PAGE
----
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What about Our Grasslands? Abandoning Meat May Spell Disaster for Vital Ecosystems

Recent opinion articles advocate eliminating meat from human diets, or using artificial meat substitutes, to fight climate change. However, many experts believe that grazing animals used for meat are the key to the future health of the most altered, destroyed and endangered ecosystems on earth: grasslands.

That makes plant-based diets potential ecological disasters.

Of the 1.9 billion acres in the lower 48 U.S. states, 788 million are grassland. Globally, grazing animals and grazing land ecosystems evolved together through mutual adaptation. Human history has demonstrated that improperly grazed grasses become unhealthy, and leaving grasslands alone actually degrades them, whereas properly grazed lands become healthier.

Grasslands provide vital “ecosystem services” by sequestering carbon underground in extensive root systems, using up carbon dioxide, producing oxygen, filtering and storing water, providing habitat for other important species, and when grazed, converting cellulose that we cannot digest into high-quality protein that we can digest.

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8 Steps to Get Started with Regen Grassland Management

A shift towards regenerative and more holistic grazing systems is enabling farmers to build greater resilience to fluctuations in weather patterns and market prices by working more closely with nature and reducing interventions.

Regenerative grazing involves higher-intensity, short grazing periods with long resting times in-between, using a system of paddocks.

It keeps the sward height high and encourages regrowth and development of plant and root systems, which also improves soil microbiology and function.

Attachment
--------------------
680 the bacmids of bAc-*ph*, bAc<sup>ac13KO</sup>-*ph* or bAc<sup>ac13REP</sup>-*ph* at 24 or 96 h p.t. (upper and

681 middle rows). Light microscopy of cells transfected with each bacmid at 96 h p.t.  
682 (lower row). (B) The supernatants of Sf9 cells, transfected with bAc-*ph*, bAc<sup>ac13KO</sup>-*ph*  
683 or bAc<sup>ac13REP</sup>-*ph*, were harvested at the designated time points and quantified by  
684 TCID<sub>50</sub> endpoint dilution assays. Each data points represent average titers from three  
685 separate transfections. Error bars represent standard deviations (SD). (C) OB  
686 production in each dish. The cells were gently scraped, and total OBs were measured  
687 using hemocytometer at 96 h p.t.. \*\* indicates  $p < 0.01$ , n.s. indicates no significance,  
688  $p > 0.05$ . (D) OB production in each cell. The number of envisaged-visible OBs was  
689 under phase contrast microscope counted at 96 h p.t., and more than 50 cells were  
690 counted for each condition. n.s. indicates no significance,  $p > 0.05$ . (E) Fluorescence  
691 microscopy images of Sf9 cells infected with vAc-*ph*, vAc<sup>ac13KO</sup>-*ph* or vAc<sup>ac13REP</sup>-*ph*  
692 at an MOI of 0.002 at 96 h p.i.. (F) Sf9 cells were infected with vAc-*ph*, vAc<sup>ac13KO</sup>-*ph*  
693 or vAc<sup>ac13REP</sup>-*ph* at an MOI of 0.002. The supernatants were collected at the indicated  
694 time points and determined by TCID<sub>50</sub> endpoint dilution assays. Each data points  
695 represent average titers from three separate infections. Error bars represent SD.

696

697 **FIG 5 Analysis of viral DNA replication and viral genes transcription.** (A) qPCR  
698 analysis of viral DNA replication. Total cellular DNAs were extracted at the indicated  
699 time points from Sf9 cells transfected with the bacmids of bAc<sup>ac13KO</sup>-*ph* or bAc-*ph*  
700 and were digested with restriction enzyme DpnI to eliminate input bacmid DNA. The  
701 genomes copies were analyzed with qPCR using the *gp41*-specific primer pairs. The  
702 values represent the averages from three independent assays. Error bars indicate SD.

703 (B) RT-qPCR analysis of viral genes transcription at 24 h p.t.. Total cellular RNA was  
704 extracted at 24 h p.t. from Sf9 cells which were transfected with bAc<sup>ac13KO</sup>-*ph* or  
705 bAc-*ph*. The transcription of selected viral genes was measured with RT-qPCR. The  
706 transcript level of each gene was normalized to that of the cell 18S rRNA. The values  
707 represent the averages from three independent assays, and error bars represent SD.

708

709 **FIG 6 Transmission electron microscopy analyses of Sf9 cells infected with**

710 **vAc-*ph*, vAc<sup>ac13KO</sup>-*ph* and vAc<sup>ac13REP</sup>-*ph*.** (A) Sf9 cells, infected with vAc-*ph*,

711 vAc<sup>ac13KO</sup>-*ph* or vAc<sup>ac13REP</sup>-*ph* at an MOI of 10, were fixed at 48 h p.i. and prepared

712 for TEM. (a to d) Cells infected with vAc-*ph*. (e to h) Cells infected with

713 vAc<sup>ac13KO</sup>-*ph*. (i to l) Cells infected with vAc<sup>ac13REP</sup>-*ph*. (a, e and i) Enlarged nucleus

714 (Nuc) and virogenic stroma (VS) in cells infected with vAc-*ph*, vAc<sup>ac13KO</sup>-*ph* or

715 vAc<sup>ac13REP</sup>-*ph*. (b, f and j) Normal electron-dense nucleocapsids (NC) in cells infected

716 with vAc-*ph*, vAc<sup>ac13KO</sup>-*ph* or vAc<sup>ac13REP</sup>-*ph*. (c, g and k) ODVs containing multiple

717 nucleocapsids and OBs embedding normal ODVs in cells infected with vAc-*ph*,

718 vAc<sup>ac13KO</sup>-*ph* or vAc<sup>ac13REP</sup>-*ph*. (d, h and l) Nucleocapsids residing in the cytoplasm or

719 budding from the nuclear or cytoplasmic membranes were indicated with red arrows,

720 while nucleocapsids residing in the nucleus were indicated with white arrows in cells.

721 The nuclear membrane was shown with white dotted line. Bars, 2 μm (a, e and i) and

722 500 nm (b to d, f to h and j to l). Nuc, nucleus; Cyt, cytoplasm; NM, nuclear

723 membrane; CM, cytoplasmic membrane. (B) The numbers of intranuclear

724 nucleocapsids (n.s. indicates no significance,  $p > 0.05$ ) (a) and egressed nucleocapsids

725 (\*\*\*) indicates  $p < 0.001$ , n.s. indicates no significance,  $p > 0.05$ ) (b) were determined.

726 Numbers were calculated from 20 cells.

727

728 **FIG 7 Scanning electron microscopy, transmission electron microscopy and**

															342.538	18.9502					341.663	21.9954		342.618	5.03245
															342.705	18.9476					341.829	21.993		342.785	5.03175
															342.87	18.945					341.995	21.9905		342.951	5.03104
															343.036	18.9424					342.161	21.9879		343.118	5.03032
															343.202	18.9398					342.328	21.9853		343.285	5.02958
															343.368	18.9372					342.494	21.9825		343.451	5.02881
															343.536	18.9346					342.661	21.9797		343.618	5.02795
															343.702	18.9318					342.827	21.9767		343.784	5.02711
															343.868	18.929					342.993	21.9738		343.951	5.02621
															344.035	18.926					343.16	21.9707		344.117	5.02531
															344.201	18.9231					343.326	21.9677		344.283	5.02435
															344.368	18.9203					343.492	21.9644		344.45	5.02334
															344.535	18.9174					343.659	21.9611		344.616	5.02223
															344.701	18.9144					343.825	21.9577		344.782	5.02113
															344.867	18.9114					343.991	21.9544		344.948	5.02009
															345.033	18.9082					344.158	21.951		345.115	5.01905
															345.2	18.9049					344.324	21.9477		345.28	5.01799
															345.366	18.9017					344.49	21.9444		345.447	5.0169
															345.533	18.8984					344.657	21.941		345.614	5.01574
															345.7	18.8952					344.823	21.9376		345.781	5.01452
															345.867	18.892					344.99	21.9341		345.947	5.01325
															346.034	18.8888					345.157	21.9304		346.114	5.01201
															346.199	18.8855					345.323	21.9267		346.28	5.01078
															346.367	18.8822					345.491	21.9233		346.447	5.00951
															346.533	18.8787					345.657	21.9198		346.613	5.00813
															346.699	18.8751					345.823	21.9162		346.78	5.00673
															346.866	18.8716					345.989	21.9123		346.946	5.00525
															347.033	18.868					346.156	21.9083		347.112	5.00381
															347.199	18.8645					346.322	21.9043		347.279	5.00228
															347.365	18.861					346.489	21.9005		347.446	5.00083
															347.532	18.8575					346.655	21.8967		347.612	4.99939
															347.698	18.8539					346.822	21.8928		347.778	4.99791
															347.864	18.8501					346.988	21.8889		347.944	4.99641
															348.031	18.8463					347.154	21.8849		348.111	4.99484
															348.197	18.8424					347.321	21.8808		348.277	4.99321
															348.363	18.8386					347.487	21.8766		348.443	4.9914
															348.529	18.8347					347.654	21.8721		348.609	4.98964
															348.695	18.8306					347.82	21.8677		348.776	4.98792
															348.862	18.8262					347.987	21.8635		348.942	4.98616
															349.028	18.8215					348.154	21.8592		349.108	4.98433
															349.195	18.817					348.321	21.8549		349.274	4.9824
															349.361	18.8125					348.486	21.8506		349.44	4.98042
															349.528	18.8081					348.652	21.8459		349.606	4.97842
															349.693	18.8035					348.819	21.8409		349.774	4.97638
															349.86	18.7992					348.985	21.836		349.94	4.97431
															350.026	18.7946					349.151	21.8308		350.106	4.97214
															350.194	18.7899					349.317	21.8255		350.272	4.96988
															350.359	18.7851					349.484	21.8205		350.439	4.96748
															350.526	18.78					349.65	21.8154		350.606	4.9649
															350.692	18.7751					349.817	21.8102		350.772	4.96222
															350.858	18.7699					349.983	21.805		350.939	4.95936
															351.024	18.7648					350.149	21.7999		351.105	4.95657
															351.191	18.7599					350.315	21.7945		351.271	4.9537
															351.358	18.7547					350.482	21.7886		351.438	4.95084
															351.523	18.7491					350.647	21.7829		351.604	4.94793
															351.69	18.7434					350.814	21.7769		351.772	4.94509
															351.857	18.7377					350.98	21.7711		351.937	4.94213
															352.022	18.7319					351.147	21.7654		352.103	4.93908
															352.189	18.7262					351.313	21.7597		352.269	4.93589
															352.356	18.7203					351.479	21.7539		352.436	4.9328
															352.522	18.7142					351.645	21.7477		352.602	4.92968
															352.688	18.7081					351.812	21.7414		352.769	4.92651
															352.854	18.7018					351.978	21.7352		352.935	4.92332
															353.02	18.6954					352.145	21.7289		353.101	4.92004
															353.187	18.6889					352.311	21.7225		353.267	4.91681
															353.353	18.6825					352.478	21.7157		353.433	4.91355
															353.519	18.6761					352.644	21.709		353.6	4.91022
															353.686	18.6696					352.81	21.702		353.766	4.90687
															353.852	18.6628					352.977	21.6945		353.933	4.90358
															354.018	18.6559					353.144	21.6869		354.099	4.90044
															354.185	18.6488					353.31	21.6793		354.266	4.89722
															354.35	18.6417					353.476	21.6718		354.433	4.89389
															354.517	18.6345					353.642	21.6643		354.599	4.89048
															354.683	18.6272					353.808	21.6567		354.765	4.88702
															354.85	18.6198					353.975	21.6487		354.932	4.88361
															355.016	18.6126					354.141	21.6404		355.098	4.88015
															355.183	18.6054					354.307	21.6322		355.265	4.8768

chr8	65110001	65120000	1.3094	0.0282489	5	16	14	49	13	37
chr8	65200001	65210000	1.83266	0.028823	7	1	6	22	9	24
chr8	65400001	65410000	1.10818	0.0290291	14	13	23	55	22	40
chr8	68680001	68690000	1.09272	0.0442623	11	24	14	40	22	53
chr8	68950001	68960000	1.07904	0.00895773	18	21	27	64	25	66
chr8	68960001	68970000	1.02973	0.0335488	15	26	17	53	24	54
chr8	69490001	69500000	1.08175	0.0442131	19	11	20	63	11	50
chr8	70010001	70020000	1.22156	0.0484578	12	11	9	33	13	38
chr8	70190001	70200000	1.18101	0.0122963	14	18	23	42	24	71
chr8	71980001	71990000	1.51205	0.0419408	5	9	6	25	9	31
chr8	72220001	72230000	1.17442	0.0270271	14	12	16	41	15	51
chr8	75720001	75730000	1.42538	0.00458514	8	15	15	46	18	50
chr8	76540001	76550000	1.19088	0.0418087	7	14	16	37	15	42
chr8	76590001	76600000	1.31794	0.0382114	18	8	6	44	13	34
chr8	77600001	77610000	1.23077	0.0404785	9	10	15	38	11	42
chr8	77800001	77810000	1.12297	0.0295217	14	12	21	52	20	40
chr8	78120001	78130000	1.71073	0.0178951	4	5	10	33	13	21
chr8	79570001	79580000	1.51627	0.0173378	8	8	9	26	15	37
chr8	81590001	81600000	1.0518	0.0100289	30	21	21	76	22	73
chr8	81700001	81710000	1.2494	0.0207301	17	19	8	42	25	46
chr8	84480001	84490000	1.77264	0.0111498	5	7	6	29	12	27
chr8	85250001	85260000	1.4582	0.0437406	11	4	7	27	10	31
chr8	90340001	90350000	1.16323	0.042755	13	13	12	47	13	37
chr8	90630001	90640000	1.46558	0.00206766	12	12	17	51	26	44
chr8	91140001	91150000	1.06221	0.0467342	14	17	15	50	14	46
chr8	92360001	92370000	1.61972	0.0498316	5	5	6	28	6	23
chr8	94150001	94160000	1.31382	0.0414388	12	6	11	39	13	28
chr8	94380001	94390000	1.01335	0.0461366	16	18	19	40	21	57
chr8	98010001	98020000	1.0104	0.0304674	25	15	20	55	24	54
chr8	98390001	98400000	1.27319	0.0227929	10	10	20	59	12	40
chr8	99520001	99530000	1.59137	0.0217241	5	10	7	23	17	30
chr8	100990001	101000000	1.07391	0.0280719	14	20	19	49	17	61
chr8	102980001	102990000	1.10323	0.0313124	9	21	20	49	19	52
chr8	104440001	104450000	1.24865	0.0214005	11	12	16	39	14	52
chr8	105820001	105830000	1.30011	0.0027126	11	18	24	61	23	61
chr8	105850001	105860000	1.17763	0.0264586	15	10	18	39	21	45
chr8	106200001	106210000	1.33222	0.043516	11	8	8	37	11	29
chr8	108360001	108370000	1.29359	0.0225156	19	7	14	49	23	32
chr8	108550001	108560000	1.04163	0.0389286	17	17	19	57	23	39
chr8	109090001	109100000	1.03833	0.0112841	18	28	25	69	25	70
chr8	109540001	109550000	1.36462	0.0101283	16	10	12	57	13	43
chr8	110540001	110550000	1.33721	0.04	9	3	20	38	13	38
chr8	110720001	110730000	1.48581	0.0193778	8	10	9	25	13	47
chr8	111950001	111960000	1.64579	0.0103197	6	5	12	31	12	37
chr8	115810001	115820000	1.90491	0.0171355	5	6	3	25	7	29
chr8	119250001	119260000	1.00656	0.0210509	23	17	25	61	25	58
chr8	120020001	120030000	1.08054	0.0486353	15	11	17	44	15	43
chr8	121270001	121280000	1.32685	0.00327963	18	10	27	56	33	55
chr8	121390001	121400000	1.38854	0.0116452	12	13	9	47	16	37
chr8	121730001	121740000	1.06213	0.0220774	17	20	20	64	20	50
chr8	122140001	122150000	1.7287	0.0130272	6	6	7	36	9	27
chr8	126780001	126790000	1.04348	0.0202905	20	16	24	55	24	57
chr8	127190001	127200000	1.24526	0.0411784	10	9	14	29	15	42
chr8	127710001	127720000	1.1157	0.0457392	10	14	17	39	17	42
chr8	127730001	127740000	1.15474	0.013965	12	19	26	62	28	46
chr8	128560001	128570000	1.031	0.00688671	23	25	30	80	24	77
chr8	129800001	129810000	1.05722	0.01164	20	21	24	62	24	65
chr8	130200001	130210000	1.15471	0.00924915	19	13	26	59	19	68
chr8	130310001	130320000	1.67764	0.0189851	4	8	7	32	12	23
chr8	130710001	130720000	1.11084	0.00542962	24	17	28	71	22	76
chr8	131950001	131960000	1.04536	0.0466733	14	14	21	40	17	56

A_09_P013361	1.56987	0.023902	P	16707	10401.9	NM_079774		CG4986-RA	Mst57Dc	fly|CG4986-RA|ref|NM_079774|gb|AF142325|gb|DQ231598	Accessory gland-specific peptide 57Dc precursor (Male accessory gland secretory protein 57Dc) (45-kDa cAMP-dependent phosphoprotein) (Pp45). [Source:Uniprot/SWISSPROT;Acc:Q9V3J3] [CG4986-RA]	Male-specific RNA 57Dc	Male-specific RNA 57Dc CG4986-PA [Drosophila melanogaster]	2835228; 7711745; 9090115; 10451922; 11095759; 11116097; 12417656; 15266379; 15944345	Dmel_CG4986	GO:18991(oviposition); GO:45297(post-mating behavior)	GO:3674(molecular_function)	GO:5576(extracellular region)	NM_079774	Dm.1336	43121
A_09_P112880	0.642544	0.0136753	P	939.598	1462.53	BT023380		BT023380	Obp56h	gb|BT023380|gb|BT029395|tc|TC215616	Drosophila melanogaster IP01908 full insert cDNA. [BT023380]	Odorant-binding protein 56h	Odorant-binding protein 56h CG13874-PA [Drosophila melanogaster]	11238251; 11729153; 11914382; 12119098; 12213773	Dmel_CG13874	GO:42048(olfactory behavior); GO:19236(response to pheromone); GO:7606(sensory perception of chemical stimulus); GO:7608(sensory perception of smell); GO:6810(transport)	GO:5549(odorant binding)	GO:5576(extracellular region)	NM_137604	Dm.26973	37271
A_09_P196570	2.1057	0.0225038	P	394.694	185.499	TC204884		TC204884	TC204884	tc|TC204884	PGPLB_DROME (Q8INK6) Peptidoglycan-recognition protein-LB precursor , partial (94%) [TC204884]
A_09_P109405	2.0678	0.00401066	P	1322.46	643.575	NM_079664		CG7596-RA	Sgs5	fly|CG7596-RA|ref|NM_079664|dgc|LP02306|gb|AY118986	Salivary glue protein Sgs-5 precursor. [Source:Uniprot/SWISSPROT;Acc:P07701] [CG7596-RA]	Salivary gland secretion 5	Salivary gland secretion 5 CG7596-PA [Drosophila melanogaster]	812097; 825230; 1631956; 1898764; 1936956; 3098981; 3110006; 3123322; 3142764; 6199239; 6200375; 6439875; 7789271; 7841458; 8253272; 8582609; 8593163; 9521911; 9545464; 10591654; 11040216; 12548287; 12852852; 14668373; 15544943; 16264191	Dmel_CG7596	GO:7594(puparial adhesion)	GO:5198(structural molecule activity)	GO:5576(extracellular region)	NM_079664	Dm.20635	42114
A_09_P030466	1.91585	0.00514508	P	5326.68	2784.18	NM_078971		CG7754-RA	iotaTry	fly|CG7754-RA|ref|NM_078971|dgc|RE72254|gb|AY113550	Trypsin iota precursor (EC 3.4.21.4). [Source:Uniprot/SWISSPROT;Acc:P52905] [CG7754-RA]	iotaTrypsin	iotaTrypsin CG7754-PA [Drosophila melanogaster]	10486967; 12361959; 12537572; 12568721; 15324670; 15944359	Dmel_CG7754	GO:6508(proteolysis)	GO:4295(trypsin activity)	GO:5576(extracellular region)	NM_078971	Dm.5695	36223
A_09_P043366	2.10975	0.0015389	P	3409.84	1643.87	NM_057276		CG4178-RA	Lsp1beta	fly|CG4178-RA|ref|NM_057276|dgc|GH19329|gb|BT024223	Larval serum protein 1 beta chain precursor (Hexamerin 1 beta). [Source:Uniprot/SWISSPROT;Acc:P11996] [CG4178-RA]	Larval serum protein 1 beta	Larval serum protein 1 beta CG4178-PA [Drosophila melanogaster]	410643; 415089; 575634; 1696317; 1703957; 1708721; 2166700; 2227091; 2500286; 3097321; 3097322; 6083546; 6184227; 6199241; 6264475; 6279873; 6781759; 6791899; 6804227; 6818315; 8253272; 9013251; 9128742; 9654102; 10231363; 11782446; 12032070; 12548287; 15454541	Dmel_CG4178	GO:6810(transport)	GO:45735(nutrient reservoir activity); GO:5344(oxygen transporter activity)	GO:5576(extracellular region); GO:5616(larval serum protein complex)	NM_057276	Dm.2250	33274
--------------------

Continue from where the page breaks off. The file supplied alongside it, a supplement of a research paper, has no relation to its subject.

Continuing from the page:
This type of management helps to improve soil condition, biodiversity and livestock health, and maintain steadier financial margins against the backdrop of a reduction in subsidy payments and increasing input costs.

We spoke to four farmers, including one with a consultancy role, to get advice on how to get started with regenerative grassland management.

Expert panel

  1. Rob Havard farms at Phepson Farm and is an ecology consultant managing 404ha (1,000 acres) of rented or contract-farmed land in Worcestershire, with about 150 pedigree cattle plus followers
  2. Russ Carrington is manager of Knepp Regenerative Farms, and former general manager of the Pasture-fed Livestock Association. He is in the first year of regenerative grazing on 63ha (156 acres), initially with 25 traditional Sussex cattle and calves, plus 50 Longhorn heifers on a B&B arrangement during the summer. Grazed area and livestock numbers are planned to increase towards full stocking potential
  3. Wojtek Behnke manages Aqualate Estate in Shropshire. Lleyn sheep and Northern Dairy Shorthorn cattle are mob-grazed on 80ha (200 acres) with horses, occasionally.
  4. Richard Tustian has been a shepherd in Oxfordshire managing 1,500 breeding ewes, about to return to family partnership on mixed arable, beef and sheep farm totalling 200ha (494 acres) on the Northamptonshire border. Of this, 40ha (99 acres) is permanent pasture and 10ha (25 acres) is herbal leys, currently running 250 breeding ewes and 25 suckler cows

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Uruguay avanza a una ganadería aún “más verde”